Skall letter No. 36
Franca-Christina Christophersen - A clay laboratory
Under the roof in an old rear building in Frederiksberg New Zealand born
ceramicist Franca- Christina has recently set up her first ceramic studio – or clay laboratory as she prefers to call it. The 18.5 square meter studio is small and humble but extremely aesthetic. No matter where you look, you are unable to find an unpleasant spot. The place is tidy and with two great shelves for all her treasures – from tools to notebooks and ceramic pieces.
“Normally my studio does not look like this. I just finished a great job and finally had the time to clean up,” she says.
For the last months she has been working hard. Really hard.
“I came home ridiculous late, like 3 or 5am in the morning and went back at 9.30/10am. It was insane, but I learned a lot from it. Not at least about the balance between pacing myself and be realistic. When you start your own business, you need to work 300 % in the beginning just to get it going.”
Franca-Christina grew up in New Zealand and started her career within marketing working for different fashion brands in through varying management roles, but she soon found out that she wanted to be more hands on as she spent many hours in front of the computer. She attended a throwing course and immediately feel in love with the craftsmanship and the processes.
“I really wanted to learn more, and I hit this wall of frustration like where could I learn more. I searched the internet and saw several YouTube videos on the subject.”
In 2018 the opportunity came up as she got a ceramic apprenticeship at the Copenhagen based ceramic school The Tortus School founded by Danish ceramicist Eric Landon. Eric was looking for someone who did not have too much experience within clay.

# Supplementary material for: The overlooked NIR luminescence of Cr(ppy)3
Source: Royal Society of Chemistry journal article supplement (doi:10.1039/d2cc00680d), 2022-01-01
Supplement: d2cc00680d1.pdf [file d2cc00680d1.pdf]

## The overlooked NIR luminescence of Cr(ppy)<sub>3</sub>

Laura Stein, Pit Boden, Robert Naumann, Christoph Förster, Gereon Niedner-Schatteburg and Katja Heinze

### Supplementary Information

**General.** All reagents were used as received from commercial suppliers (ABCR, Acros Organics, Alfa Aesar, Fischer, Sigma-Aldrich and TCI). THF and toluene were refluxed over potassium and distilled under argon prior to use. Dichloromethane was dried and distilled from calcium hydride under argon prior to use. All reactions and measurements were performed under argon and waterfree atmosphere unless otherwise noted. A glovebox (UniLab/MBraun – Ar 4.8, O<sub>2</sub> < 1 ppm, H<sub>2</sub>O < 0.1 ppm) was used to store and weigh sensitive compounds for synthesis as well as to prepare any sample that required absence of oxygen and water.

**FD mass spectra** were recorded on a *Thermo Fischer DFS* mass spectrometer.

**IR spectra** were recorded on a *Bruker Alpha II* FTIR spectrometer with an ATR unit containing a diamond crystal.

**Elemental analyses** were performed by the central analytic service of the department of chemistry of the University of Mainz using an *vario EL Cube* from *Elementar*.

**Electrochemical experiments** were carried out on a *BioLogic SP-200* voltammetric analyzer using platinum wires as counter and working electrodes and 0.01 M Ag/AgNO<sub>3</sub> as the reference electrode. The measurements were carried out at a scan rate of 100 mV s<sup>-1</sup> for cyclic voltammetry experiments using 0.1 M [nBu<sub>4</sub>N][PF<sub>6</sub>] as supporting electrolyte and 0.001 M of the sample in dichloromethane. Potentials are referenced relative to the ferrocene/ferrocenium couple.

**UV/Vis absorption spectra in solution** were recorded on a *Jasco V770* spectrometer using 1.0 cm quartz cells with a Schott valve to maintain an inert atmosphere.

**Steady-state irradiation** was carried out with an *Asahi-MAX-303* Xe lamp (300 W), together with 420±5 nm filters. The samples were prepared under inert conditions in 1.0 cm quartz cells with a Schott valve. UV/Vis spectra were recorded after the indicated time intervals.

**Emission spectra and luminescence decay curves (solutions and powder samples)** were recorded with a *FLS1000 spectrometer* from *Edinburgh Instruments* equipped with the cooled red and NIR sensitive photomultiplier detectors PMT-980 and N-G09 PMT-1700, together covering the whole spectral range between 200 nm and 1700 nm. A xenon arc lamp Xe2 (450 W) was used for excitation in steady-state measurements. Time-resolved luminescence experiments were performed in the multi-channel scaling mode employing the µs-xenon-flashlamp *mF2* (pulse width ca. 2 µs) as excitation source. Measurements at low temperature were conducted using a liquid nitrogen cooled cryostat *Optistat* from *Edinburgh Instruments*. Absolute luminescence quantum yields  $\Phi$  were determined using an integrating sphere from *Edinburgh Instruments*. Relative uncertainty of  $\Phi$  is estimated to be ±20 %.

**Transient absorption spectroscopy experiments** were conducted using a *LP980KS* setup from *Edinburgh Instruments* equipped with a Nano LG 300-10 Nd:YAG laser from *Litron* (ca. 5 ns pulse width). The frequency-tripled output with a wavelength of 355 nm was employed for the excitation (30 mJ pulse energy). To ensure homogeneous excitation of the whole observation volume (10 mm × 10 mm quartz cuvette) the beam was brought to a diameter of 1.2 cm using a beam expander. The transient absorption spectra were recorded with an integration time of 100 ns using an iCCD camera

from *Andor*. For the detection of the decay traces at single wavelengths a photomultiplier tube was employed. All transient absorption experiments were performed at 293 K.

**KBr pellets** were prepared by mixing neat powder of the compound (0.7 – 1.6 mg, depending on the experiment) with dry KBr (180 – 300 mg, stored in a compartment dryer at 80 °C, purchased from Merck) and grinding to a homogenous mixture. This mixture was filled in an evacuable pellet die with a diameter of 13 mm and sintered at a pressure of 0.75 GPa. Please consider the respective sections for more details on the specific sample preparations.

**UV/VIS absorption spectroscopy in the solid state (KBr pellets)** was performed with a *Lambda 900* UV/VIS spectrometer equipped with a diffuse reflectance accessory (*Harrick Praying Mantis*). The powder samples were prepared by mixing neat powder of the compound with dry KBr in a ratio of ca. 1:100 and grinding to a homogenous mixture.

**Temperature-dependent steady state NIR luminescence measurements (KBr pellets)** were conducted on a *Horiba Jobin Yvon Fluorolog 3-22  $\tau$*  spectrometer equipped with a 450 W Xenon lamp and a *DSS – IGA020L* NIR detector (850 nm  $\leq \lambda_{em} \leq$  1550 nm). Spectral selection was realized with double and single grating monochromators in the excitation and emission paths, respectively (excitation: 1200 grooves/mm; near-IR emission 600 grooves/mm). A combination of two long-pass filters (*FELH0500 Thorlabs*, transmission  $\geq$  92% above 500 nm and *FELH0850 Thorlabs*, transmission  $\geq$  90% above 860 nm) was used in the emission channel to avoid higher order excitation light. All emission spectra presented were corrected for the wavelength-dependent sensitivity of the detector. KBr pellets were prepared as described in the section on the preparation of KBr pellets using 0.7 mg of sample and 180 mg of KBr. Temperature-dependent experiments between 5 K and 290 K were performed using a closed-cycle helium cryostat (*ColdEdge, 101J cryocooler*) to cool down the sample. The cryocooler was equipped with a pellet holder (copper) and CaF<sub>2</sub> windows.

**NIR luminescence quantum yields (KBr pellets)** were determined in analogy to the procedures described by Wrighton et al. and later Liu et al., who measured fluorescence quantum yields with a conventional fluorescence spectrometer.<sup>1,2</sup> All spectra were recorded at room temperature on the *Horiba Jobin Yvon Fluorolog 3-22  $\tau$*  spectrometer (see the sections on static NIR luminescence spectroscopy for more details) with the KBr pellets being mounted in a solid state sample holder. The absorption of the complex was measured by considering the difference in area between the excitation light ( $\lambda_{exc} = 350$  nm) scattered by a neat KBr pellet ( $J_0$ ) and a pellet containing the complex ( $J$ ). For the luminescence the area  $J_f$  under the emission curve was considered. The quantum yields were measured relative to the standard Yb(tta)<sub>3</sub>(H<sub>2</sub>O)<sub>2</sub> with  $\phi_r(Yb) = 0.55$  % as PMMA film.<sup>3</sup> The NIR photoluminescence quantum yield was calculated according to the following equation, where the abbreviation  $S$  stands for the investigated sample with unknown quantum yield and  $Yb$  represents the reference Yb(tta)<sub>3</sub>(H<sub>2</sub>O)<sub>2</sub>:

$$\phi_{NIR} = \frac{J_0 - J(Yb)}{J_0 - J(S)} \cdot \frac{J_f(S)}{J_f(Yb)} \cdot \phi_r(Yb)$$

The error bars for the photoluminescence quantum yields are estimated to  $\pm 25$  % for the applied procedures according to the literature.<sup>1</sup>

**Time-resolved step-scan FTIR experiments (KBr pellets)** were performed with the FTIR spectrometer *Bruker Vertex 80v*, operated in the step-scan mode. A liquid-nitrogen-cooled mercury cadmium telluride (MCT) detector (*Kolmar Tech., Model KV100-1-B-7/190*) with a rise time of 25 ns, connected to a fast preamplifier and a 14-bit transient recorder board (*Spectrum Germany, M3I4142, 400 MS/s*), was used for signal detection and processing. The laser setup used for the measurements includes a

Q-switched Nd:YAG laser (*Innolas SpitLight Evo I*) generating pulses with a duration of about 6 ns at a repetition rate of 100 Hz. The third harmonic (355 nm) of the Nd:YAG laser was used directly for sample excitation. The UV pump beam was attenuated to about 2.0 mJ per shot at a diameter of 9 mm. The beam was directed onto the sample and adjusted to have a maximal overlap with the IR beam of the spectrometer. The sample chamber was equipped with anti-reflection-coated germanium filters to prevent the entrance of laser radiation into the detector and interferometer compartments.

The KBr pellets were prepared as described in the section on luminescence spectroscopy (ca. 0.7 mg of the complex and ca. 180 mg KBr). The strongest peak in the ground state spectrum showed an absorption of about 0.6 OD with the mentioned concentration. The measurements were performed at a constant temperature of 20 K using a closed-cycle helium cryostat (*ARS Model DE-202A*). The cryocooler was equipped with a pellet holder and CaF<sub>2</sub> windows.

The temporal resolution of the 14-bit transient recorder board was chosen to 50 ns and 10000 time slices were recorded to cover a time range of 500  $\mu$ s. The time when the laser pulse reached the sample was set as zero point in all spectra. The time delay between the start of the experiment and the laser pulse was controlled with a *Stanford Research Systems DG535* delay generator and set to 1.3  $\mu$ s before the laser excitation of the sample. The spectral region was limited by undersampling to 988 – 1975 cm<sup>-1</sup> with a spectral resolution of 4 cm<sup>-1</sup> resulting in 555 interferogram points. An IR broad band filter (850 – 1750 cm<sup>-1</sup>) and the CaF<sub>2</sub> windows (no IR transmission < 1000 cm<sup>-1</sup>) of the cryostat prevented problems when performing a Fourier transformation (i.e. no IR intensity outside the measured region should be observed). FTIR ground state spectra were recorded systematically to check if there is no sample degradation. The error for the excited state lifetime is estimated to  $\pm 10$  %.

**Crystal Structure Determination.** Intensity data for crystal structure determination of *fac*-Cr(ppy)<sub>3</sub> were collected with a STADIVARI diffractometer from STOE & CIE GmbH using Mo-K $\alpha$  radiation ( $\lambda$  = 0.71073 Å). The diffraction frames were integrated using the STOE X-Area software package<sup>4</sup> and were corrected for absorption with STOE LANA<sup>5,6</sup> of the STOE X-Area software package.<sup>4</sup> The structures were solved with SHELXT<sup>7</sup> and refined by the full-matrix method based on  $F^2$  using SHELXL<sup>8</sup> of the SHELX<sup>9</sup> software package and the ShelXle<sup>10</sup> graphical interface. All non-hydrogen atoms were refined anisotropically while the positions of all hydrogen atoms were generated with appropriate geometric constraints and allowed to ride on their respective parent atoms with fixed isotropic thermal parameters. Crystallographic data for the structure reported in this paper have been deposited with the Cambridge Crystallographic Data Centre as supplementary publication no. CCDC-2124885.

“I was really fortuned that Eric was looking for someone who did not have much experience. His techniques are very particular and if you are already used to a certain technique, it can be difficult to get it right. He wanted a fresh page who was eager to learn, and I was,” says Franca-Christina who had four weeks to pack her things and move to Denmark. At the school she learned all about the importance of details.
“The first year of my apprenticeship I only throw cylinders. Eric was a very good teacher and taught me about perfection. I often had to cut up my cylinders in half to look at the thickness of the walls. Having this practice over and over I could see that I was improving the way I pulled clay up. One thing is to make a ceramic form, another is to stretch the clay up to get the maximum capacity out of it. If you make things in a bad way and put it in the kiln, the kiln has a memory which can be seen in the final product.”
“You have to make things well, not just make it look good. To me it is a little bit of an obsession. But we live in a world where we consume so much so I think it is important that things are made well and made considered. It is very niche, but it is where I sit,” says Franca-Christina who also has a great passion for Volvo cars, recently got a Volvo vintage car from 1972 and is a member of the Volvo Community.
Because, as she puts it: “I like the values and the quality that the
previous generations of Volvo stood for. Simple and considered. It is what it is and there is no fuss.”
But was it so very special about working with clay?
“Clay has so many possibilities and there is so many ways to go about it. Also, it is so very easy to recycle clay as long as it has not been through the kiln – you just need to add water. In general, I really like the strategical approach to clay. Before making a piece, you need to think about the whole process to get it right. Starting at the beginning by wedging the clay to prepare it for throwing on the wheel.”